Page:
Fresh basil should be stored in the refrigerator, wrapped in a slightly damp paper towel and placed loosely in a plastic bag. Basil can also be stored like fresh flowers. Cut a small piece off the end and store it cut side down in a shallow glass of water. Cover the leaves loosely with a plastic bag and store it in the refrigerator. Change the water every day or two. Basil should keep up to a week in the refrigerator.

Some people prefer to keep fresh basil like described above (cut side down in a shallow glass of water), but on the kitchen counter rather than in the refrigerator. In this case, do not cover the leaves with a plastic bag. Just leave them exposed to the air and enjoy their beauty. Change the water every day or two. Stored like this, you may see roots sprouting from the cut end after a week or so. If this happens, the sprig can actually be planted and you’ll have your own fresh basil plant.

How to Preserve Basil
Fresh basil can be frozen, covered with water, in ice cube trays. Once frozen, transfer the cubes to a freezer bag or container. Such cubes can easily be added to soups, stews or sauces.

Basil may also be frozen whole or chopped in airtight containers.

Frozen basil will have its best quality if used within 4 to 6 months. However, when properly frozen and stored at 0°F, it will keep indefinitely.

Dried vs Fresh Basil
Both fresh and dried herbs have their own best applications. Dried herbs work well in cooked foods. Cooking allows time for them to re-hydrate and their flavors to blend with other foods. Dried basil works exceptionally well in cooked sauces, soups, stews, and on meats.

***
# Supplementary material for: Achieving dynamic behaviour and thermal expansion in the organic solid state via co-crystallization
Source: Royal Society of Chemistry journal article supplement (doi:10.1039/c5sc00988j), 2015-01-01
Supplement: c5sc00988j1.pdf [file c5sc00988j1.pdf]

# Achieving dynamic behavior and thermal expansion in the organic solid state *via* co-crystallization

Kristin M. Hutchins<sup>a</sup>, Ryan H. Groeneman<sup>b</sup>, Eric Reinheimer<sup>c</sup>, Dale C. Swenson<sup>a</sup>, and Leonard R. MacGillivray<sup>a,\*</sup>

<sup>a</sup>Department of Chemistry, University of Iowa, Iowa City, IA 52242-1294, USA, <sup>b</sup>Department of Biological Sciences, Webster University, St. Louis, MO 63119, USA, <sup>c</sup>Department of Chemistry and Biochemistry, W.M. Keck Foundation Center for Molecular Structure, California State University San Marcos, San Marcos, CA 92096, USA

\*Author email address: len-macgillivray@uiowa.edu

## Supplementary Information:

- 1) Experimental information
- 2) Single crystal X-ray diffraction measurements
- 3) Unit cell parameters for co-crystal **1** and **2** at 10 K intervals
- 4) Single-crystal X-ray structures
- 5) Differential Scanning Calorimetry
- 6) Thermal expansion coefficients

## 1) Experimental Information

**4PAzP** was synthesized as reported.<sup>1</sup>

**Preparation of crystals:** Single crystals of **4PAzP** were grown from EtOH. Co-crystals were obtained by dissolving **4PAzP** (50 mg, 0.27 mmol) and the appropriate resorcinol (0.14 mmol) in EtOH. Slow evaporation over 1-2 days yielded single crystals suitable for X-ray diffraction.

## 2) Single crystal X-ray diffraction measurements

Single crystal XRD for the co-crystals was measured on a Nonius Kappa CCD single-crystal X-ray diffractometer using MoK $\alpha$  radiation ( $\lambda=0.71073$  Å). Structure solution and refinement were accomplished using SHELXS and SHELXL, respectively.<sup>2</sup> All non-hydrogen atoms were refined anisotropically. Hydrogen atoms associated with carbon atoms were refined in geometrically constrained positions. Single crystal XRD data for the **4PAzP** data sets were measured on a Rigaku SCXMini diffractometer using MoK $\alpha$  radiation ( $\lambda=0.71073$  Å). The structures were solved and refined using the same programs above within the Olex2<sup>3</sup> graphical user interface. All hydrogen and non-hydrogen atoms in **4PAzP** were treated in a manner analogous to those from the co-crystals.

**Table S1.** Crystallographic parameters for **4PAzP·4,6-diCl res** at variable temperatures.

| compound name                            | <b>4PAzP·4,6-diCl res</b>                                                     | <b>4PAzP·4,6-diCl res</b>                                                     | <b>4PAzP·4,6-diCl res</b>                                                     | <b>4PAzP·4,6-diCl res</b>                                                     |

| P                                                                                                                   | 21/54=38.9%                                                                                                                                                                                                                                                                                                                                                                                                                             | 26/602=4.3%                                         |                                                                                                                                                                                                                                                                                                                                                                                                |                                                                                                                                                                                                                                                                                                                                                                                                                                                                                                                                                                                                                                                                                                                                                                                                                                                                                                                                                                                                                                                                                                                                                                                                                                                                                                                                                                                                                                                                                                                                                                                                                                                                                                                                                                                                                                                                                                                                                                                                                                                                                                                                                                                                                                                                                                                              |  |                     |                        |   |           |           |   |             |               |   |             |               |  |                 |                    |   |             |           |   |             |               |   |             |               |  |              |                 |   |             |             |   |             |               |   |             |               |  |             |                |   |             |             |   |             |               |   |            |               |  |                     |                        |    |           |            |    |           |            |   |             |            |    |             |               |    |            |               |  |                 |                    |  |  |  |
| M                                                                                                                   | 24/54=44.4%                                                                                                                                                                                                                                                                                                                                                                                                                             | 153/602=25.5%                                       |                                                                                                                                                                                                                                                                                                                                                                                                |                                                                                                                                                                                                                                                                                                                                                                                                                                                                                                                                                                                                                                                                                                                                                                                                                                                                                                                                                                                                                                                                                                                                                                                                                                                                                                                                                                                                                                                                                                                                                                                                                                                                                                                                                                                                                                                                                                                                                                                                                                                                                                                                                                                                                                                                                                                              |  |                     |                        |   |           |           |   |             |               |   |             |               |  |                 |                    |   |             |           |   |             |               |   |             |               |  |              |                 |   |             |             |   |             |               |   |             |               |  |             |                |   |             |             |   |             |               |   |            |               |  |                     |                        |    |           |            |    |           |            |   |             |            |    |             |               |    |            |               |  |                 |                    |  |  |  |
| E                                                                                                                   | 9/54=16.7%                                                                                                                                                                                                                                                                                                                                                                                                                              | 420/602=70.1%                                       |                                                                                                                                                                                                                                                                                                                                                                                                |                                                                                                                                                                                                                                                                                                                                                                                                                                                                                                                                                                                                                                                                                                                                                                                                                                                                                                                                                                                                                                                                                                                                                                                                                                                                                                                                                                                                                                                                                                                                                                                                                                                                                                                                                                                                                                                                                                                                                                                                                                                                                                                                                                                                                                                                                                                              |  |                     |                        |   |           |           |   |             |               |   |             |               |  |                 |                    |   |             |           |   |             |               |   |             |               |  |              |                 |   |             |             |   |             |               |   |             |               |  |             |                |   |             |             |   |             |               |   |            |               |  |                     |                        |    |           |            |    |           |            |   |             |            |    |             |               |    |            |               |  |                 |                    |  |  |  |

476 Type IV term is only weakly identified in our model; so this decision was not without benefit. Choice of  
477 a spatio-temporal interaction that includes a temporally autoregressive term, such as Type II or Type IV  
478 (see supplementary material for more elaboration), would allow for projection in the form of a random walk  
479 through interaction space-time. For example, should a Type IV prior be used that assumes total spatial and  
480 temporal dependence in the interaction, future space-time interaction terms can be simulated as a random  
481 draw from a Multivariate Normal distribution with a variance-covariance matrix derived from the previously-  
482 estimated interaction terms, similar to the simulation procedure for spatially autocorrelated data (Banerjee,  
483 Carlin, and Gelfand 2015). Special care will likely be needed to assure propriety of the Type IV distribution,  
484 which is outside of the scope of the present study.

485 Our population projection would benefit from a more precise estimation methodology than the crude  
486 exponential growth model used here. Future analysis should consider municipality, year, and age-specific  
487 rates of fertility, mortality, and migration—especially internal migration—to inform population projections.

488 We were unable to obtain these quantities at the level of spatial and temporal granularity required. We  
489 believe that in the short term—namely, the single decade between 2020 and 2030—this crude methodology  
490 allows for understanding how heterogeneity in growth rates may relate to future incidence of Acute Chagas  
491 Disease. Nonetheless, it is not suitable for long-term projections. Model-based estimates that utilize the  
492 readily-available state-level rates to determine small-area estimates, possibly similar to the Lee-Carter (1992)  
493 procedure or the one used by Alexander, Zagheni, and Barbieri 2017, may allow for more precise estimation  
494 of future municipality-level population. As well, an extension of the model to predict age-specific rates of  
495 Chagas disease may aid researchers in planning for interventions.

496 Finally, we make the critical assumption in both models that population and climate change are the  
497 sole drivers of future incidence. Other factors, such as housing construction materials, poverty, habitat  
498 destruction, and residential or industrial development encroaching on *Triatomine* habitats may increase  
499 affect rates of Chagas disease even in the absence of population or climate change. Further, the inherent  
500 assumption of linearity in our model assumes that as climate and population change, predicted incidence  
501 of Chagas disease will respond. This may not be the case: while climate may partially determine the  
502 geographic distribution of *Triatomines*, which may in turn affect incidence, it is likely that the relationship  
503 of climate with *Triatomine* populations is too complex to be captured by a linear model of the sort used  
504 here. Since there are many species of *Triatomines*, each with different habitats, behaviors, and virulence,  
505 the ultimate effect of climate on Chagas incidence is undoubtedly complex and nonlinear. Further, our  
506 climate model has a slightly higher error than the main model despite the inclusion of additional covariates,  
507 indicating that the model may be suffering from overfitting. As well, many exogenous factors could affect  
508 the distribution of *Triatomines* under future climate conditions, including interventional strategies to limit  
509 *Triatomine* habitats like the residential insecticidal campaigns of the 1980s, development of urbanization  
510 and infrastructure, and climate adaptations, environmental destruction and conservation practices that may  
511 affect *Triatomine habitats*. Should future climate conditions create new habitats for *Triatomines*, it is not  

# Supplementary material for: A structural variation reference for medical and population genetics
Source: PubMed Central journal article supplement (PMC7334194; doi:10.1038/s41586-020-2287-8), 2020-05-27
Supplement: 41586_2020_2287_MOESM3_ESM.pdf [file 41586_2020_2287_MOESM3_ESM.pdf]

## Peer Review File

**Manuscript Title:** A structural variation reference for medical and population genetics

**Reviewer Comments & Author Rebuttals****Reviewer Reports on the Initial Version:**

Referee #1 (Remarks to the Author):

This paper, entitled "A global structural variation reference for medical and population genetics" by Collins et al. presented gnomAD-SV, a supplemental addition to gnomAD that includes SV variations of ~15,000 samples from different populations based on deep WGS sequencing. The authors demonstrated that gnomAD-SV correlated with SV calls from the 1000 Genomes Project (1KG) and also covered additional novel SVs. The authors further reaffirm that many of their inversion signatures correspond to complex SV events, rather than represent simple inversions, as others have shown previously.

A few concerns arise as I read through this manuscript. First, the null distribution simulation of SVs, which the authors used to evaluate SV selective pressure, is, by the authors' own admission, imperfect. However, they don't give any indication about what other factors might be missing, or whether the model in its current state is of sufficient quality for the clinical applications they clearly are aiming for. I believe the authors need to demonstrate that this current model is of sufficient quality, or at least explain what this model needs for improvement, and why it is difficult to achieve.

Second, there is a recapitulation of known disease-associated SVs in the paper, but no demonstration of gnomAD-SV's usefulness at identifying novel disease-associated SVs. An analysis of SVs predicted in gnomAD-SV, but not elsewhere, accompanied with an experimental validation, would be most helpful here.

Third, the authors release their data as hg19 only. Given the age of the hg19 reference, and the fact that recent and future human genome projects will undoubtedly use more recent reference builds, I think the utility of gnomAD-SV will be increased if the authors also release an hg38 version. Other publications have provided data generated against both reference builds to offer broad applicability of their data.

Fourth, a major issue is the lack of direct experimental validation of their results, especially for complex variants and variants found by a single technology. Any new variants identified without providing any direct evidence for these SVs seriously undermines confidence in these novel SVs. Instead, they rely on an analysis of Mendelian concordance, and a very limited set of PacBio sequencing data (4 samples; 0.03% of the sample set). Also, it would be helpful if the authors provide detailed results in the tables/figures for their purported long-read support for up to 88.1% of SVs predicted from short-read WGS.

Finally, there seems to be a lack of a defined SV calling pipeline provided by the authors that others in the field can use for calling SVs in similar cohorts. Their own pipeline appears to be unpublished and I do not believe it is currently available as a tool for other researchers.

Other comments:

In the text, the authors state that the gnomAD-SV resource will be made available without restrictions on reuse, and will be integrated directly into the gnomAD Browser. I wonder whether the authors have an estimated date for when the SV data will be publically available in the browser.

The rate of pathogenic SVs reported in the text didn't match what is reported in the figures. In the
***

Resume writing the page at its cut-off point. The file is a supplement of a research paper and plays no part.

Fresh basil has a milder flavor than its dried counterpart. When cooked, the flavor tends to dissipate rather quickly, so fresh basil is usually added at the end of cooking time. Fresh basil works very well in cold, uncooked foods like salads. The delicate flavor shines when paired with other fresh foods, yet it doesn’t overpower them. The conversion rate is 1 part of dried basil is equivalent to 3 parts of fresh basil.

How to Prepare Basil
Simply give your fresh basil a quick rinse right before using it then pat it dry. Remove the leaves from the stems and cut them as desired. Many chefs roll the leaves and slice them (chiffonade) for use in just about any dish. Some resources suggest tearing basil leaves with your fingers, or cutting the leaves only with a ceramic knife to prevent oxidation which causes them to turn dark.

Quick Tips and Ideas for Using Basil
* Make a dairy-free pesto by combining chopped basil with garlic and olive oil. Add ground pine nuts, if desired. This can be used as a topping for pasta, salmon, and bruschetta.

* Top fresh tomato slices with mozzarella cheese, then sprinkle with chopped fresh basil leaves.

* The oils in fresh basil are volatile, so many chefs add the herb toward the end of cooking time. It will retain the most fragrance and flavor that way.

* Using a ceramic knife when cutting basil leaves can help keep them from oxidizing and turning dark after being cut.

* Try adding basil to a stir-fry of eggplant, cabbage, chili peppers, tofu, and cashews for a Thai flare to your meal.

* Flavor tomato soup with a puree of basil, olive oil and onions.

* Try a basil tea by infusing leaves in hot water for 8 minutes. OR try flavoring a cup of black or green tea with some fresh basil leaves for a mild spicy addition.

* The basil leaves are the main part of the plant used in foods. The smaller stems may be used, but the thicker stems and stalks can be bitter. Also, the stems and large veins have compounds that can turn pesto brown and dark, so it’s best to stay with just the leaves.

* If you grow basil, the white flowers of the plant are edible.

* One tablespoon of fresh basil is equal to one teaspoon of dried basil. This ratio applies to all fresh vs dried herbs.

* Mix olive oil, balsamic vinegar, basil and garlic for a nice vinaigrette salad dressing. Increase the basil and add Parmesan cheese for a basil balsamic pesto.

* Are you looking for something really different? Basil not only pairs well with strawberries, but also watermelon, oranges, mango, lemons and lime. You can get creative making this into an interesting fruit salad!